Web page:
VirtualBoy controller to USB adapter
So you want to play with a Virtual Boy emulator on your PC, depriving yourself the pleasure
of adopting an unpleasant posture and of getting a headache? At least, don't go so far
as to deny yourself the privilege of holding the real controller in your hands! (Ok, I admit I never
really tried a real Virtual Boy. Maybe it's not that
Anyway, in order to use a Virtual boy controller on a PC, I designed an adapter. The schematics,
wiring and source code are on this page.
Here are a few pictures demonstrating how this project can be implemented.
1. Building an adapter
If you have the small circuit board with the controller connector salvaged from an (hopefully broken) console, you can build an adapter:
2. Converting a controller (with internal circuit)
If you don't have the console-side connector, a permanent controller conversion can be made by building an/or installing
the circuit internally:
3. Converting a controller (with external circuit)
The circuit can also be built/installed externally, in-line with the original cable. Make sure to protect it with an enclosure!
How to use mappings:
|Axes 1 and 2
|Axes 3 and 4
If the START button is held when powering-up the adapter (eg: by connecting the USB cable), the alternate mapping will be enabled.
The mapping can be changed "live" by connecting PB1 or PC0 to GND through a jumper or switch.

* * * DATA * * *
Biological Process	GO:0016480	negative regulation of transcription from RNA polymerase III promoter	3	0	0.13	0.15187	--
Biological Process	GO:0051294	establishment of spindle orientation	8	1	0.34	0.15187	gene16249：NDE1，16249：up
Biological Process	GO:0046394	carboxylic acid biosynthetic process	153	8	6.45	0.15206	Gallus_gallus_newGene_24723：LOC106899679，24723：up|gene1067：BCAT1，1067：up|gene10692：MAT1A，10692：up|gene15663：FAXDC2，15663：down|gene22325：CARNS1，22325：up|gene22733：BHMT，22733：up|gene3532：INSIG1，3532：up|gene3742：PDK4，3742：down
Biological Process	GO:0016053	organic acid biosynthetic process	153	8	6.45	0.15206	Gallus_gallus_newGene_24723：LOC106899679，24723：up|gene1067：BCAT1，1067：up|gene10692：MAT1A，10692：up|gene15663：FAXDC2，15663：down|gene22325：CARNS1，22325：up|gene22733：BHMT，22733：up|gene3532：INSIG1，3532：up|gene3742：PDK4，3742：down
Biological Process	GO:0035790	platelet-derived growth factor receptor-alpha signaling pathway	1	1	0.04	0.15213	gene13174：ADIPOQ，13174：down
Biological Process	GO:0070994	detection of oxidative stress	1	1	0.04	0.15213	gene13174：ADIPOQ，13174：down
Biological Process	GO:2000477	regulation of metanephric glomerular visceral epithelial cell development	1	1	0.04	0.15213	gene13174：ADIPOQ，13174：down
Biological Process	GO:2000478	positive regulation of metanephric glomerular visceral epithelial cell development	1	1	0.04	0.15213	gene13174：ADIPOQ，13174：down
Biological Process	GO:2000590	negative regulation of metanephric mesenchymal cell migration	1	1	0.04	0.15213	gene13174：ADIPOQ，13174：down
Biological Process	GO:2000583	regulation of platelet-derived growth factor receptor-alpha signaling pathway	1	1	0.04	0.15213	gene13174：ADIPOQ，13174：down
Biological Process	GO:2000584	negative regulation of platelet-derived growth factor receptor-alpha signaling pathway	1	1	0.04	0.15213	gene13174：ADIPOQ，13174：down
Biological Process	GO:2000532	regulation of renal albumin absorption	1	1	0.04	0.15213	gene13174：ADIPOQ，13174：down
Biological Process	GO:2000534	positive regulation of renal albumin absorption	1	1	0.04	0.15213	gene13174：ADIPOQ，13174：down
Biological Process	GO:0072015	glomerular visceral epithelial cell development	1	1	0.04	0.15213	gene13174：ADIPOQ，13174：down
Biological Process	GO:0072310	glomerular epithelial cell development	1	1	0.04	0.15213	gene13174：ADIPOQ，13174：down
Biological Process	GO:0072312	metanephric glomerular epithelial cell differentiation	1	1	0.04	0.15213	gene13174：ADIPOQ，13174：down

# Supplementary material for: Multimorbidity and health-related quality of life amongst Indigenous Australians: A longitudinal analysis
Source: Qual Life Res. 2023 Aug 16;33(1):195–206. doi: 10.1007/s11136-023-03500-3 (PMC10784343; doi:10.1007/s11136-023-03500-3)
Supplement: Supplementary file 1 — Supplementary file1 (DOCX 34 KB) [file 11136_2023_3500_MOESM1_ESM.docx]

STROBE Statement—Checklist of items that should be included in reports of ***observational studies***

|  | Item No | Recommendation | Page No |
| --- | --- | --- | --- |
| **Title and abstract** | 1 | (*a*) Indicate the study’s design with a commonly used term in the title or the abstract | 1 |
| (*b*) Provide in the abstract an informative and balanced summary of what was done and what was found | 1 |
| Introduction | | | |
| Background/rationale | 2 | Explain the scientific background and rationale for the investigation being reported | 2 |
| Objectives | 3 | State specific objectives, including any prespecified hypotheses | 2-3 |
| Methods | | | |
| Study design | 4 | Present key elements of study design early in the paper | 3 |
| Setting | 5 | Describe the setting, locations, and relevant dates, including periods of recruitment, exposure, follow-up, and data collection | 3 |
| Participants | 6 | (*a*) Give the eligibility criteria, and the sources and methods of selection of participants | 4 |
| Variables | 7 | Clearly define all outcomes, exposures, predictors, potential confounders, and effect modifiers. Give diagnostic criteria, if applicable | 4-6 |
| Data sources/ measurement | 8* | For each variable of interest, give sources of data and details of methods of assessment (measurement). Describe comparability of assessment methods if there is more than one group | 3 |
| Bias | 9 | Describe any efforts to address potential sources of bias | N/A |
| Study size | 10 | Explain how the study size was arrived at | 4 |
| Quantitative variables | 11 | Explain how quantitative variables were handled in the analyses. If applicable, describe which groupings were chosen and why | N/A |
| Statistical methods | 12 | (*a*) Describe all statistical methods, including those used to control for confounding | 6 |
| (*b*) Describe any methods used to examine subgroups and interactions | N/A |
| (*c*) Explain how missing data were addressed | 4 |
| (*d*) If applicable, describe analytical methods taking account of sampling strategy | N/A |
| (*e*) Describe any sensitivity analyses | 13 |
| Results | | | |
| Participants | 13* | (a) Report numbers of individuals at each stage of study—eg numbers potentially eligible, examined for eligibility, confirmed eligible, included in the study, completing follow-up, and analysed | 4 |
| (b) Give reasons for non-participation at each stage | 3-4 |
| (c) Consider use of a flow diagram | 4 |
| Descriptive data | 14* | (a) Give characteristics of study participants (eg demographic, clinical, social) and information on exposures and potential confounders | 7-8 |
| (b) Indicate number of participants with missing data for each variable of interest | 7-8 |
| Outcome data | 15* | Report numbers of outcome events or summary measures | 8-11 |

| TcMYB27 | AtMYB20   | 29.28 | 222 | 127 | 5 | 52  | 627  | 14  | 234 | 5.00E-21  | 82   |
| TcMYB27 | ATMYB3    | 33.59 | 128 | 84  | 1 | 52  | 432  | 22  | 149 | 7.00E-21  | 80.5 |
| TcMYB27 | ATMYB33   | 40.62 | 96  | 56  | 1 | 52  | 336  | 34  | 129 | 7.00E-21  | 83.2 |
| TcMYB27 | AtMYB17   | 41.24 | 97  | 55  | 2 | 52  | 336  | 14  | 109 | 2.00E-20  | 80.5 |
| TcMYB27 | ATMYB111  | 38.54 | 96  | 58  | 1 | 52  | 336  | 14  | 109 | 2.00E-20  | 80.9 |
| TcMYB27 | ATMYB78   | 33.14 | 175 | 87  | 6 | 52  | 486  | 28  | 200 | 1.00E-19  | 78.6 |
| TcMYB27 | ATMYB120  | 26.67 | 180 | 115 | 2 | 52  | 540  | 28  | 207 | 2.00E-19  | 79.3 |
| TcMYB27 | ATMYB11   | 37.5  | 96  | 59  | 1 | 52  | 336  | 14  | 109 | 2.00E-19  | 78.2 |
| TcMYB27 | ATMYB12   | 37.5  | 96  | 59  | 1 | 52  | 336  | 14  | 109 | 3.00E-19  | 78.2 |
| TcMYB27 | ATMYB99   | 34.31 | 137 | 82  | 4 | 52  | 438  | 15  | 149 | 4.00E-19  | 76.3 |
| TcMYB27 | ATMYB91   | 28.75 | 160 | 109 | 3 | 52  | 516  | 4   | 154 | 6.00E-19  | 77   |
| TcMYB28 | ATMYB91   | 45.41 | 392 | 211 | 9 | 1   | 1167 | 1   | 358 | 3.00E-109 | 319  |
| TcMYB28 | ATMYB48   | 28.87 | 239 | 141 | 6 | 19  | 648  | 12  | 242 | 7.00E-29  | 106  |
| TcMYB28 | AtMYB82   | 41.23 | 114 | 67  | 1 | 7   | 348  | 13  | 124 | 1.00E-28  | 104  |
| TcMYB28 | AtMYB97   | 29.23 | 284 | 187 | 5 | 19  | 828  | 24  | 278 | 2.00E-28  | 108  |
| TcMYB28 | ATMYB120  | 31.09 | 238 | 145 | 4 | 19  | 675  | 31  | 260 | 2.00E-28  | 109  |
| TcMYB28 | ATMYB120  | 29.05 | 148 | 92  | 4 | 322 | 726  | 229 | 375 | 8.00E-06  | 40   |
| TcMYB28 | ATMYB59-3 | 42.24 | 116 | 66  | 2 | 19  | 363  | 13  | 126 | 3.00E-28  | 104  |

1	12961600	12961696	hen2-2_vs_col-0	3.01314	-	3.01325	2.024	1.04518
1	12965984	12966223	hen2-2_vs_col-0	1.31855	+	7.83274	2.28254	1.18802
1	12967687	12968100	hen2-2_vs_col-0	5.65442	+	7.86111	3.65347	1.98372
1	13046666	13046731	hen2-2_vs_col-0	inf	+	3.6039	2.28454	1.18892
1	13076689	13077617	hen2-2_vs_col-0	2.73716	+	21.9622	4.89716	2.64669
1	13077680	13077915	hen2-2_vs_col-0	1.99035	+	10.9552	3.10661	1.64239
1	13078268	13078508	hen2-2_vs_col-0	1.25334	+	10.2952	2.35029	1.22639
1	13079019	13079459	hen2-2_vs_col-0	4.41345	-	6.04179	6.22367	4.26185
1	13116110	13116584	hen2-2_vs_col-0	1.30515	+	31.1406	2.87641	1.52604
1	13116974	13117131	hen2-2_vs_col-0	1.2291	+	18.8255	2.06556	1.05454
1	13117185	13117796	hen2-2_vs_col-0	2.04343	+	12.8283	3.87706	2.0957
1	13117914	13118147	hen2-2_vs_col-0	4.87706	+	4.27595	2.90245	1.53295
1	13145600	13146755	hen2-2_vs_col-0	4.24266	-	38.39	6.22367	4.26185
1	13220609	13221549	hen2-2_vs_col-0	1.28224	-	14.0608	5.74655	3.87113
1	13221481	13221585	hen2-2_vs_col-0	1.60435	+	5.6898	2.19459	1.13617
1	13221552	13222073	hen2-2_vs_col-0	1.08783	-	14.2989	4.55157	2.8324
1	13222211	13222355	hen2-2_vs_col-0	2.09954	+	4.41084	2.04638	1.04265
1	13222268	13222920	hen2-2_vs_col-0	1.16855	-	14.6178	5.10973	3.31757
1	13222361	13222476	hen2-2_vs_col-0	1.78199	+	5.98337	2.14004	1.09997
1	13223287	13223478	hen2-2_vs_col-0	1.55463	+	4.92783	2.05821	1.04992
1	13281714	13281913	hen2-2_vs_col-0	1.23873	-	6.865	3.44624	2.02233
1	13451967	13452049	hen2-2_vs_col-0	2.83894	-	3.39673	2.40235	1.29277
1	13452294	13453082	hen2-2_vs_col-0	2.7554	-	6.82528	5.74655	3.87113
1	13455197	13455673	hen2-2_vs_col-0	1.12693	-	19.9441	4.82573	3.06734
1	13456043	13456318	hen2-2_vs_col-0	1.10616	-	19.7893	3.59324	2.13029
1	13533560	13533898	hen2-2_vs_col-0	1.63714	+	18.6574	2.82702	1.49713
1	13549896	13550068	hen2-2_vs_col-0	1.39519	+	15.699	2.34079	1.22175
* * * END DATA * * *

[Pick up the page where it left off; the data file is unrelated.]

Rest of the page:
Schematics and wiring
Here is the schematic and annotated pictures of the connectors:
Cable side pinout
Console side pinout
Here is a table mapping pin numbers to colors and functions:
|2||+5v||Blue||5 volt from console to controller.|
Using the .hex files
|virtualboy_usb-1.1.tar.gz (91.7 KB)|
virtualboy_usb-1.1.hex (7.3 KB)
|February 22, 2014 (Saturday)
- Alternate mapping can be enabled at run-time by grounding PORTC0 or PORTB1.
- Updates for compilation with recent GCC
- Updated USB VID/PID
The Atmega8a has to be programmed using the .hex file. The "fuse bytes" for this
project are high_byte=0xc9, low_byte=0x9f
For more information about the tools required to program an AVR microcontroller,
please visit my
Source Code (.tar.gz files)
Unless indicated otherwise, the source code is published under the GPL license. Please
consult the included LICENSE file for more information. The project compiles using the
included makefiles using avr-gcc under Linux.
I like seeing how others build my projects. If you build an adapter, please send me pictures and I'll add them here.
I cannot be held responsible for any damages that could occur to you
or your equipment while following the procedures present on this page.
Also, I GIVE ABSOLUTELY NO WARRANTY on the correctness and usability
of the informations on this page. Please note, however, that the procedures
above have worked in my case without any damages or problems.
Now you cannot say that I did not warn you :)